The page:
Once a year, in his letter to Amazon shareholders, Jeff Bezos gives a glimpse into his business world view and management philosophy. This year’s version did not disappoint. In it, Bezos explains how he thinks about preventing Amazon from slipping into “stasis,” “irrelevance” or “painful decline ... followed by death.”
“Jeff, what does Day 2 look like?” That’s a question I just got at our most recent all-hands meeting. I’ve been reminding people that it’s Day 1 for a couple of decades. I work in an Amazon building named Day 1, and when I moved buildings, I took the name with me. I spend time thinking about this topic.
“Day 2 is stasis. Followed by irrelevance. Followed by excruciating, painful decline. Followed by death. And that is why it is always Day 1.” The letter makes for good reading and this quote is particularly pertinent from a market research point of view: “There are many ways to center a business. You can be competitor focused, you can be product focused, you can be technology focused, you can be business model focused, and there are more. But in my view, obsessive customer focus is by far the most protective of Day 1 vitality. Good inventors and designers deeply understand their customer. They spend tremendous energy developing intuition. They study and understand many anecdotes rather than only the averages you’ll find on surveys. They live with the design. I’m not against beta testing or surveys. But you, the product or service owner, must understand the customer, have a vision, and love the offering. Then, beta testing and research can help you find your blind spots. A remarkable customer experience starts with heart, intuition, curiosity, play, guts, taste. You won’t find any of it in a survey.” Read the letter here:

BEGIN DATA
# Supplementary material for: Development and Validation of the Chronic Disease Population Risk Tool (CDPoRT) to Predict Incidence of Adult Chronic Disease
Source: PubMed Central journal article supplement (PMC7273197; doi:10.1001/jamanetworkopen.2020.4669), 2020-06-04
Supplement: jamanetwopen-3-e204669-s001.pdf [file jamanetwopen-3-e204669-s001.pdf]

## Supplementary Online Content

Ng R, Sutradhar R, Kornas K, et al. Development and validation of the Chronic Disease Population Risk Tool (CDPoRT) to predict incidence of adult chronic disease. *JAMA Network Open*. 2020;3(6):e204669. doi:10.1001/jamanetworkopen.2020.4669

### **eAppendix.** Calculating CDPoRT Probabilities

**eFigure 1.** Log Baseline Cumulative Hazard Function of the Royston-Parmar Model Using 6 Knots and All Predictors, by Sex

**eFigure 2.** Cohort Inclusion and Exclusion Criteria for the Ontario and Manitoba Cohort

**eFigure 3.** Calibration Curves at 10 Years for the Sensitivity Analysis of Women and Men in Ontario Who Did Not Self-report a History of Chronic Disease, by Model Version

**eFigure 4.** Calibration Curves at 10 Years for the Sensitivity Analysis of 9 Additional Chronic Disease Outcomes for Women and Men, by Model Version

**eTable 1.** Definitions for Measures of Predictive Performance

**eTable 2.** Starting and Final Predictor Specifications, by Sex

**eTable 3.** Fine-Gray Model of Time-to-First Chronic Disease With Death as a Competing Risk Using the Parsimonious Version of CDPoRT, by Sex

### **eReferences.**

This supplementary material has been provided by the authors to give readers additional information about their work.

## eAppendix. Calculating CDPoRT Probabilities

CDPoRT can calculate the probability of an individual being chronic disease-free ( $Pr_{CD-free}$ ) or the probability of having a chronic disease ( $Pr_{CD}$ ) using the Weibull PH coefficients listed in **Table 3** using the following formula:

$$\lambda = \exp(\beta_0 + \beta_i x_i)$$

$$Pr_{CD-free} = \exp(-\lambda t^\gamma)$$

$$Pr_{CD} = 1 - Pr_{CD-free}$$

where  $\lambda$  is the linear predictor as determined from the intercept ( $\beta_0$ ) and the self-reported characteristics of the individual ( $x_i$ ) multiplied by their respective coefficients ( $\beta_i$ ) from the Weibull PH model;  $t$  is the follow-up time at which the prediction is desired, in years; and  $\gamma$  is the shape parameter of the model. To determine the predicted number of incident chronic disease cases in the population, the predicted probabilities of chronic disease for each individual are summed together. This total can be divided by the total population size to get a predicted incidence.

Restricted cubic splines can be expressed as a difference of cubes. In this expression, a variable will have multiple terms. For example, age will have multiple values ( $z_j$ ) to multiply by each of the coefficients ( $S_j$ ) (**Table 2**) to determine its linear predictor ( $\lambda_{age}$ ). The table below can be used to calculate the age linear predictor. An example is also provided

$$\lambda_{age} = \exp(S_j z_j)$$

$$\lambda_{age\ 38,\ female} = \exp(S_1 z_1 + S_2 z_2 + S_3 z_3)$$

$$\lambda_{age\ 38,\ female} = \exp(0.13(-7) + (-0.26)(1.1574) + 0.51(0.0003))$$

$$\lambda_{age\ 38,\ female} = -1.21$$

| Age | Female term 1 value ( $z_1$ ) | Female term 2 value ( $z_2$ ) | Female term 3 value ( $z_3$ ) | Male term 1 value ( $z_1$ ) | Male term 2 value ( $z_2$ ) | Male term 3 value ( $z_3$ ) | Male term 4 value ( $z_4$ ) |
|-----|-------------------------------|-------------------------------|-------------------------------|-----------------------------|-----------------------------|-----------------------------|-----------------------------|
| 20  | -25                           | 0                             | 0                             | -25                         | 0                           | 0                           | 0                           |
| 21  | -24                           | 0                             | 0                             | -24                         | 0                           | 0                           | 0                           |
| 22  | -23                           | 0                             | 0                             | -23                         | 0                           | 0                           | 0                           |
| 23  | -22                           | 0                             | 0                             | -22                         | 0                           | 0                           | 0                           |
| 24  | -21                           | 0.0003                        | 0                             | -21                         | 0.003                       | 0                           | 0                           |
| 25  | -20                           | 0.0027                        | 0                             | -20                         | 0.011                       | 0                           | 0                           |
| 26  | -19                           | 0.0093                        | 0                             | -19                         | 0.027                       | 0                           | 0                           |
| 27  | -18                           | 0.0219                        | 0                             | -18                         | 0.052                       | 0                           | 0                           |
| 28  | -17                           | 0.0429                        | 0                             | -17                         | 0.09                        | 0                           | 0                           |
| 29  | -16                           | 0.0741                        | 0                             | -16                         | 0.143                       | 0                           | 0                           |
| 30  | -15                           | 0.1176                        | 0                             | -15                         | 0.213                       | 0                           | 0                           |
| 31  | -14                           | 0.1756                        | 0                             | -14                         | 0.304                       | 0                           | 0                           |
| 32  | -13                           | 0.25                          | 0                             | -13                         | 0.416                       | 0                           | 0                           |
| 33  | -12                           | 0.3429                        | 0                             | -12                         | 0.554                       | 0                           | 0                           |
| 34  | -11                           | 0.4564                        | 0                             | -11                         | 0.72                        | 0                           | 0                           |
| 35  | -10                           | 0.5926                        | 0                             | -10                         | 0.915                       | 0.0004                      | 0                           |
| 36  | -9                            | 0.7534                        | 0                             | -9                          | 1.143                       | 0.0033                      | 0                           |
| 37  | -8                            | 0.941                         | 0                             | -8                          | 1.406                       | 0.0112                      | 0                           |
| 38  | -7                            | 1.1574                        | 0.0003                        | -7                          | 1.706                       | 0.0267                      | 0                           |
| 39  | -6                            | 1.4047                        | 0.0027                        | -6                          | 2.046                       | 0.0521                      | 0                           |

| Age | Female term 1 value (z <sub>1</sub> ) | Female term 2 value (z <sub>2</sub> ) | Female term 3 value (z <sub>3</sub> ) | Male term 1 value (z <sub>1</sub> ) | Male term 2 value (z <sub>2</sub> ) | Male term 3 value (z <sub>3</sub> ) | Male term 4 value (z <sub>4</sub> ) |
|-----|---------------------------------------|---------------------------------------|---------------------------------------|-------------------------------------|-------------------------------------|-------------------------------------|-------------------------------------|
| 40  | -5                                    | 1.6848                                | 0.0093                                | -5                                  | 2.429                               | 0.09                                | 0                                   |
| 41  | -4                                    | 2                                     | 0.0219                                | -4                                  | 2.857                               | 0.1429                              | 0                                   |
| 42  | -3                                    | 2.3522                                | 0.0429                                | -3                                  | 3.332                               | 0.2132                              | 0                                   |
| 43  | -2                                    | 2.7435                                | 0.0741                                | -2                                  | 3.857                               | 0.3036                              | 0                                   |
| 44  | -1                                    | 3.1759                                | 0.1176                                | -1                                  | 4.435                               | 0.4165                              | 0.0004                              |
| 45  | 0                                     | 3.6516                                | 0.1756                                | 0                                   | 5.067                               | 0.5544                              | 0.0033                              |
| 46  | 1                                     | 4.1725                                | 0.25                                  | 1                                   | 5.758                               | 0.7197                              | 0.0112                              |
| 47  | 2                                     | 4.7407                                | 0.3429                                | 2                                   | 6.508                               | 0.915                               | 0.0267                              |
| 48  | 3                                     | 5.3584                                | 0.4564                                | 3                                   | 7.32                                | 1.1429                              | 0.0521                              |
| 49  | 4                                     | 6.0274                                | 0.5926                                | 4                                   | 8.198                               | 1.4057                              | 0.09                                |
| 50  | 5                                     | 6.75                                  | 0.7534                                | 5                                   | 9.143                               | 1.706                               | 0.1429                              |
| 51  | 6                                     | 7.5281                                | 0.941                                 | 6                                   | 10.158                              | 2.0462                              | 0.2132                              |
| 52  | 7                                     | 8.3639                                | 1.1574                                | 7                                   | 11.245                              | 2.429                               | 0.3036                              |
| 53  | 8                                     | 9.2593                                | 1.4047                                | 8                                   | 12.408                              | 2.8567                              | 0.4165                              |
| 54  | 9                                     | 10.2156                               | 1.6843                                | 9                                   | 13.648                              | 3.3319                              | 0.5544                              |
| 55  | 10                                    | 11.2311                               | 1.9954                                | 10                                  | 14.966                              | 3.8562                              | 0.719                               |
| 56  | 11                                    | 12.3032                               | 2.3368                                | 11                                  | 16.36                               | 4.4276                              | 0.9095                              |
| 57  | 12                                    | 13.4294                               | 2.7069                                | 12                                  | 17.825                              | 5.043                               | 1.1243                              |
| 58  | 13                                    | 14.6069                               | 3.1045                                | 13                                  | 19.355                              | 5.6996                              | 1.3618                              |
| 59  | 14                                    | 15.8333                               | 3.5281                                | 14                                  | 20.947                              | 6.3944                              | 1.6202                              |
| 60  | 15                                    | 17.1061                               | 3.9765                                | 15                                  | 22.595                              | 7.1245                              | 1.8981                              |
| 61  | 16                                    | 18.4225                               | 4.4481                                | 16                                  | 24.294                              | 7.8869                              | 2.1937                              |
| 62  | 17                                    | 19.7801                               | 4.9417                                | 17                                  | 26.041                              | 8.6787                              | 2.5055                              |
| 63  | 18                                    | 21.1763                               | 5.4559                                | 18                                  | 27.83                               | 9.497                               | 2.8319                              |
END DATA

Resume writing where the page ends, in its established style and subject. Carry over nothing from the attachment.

Most Decisions Should Probably Be Made With Somewhere Around 70% of the Information You Wish You Had In his letter to Amazon shareholders, Jeff Bezos says companies should be able to avoid entering Day 2 by having the ability to make high-quality decisions quickly. This is easy for start-ups but challenging for large organizations. “The senior team at Amazon is determined to keep our decision-making velocity high. Speed matters in business. He offers some thoughts:
1. “Never use a one-size-fits-all decision-making process. Many decisions are reversible, two-way doors. Those decisions can use a light-weight process.
2. Most decisions should probably be made with somewhere around 70% of the information you wish you had. If you wait for 90%, in most cases, you’re probably being slow. Plus, either way, you need to be good at quickly recognizing and correcting bad decisions. If you’re good at course correcting, being wrong may be less costly than you think, whereas being slow is going to be expensive for sure.
3. Use the phrase “disagree and commit.” This phrase will save a lot of time. If you have conviction on a particular direction even though there’s no consensus, it’s helpful to say, “Look, I know we disagree on this but will you gamble with me on it? Disagree and commit?” By the time you’re at this point, no one can know the answer for sure, and you’ll probably get a quick yes”.
4. Recognize true misalignment issues early and escalate them immediately. Sometimes teams have different objectives and fundamentally different views. They are not aligned. No amount of discussion, no number of meetings will resolve that deep misalignment. Without escalation, the default dispute resolution mechanism for this scenario is exhaustion. Whoever has more stamina carries the decision.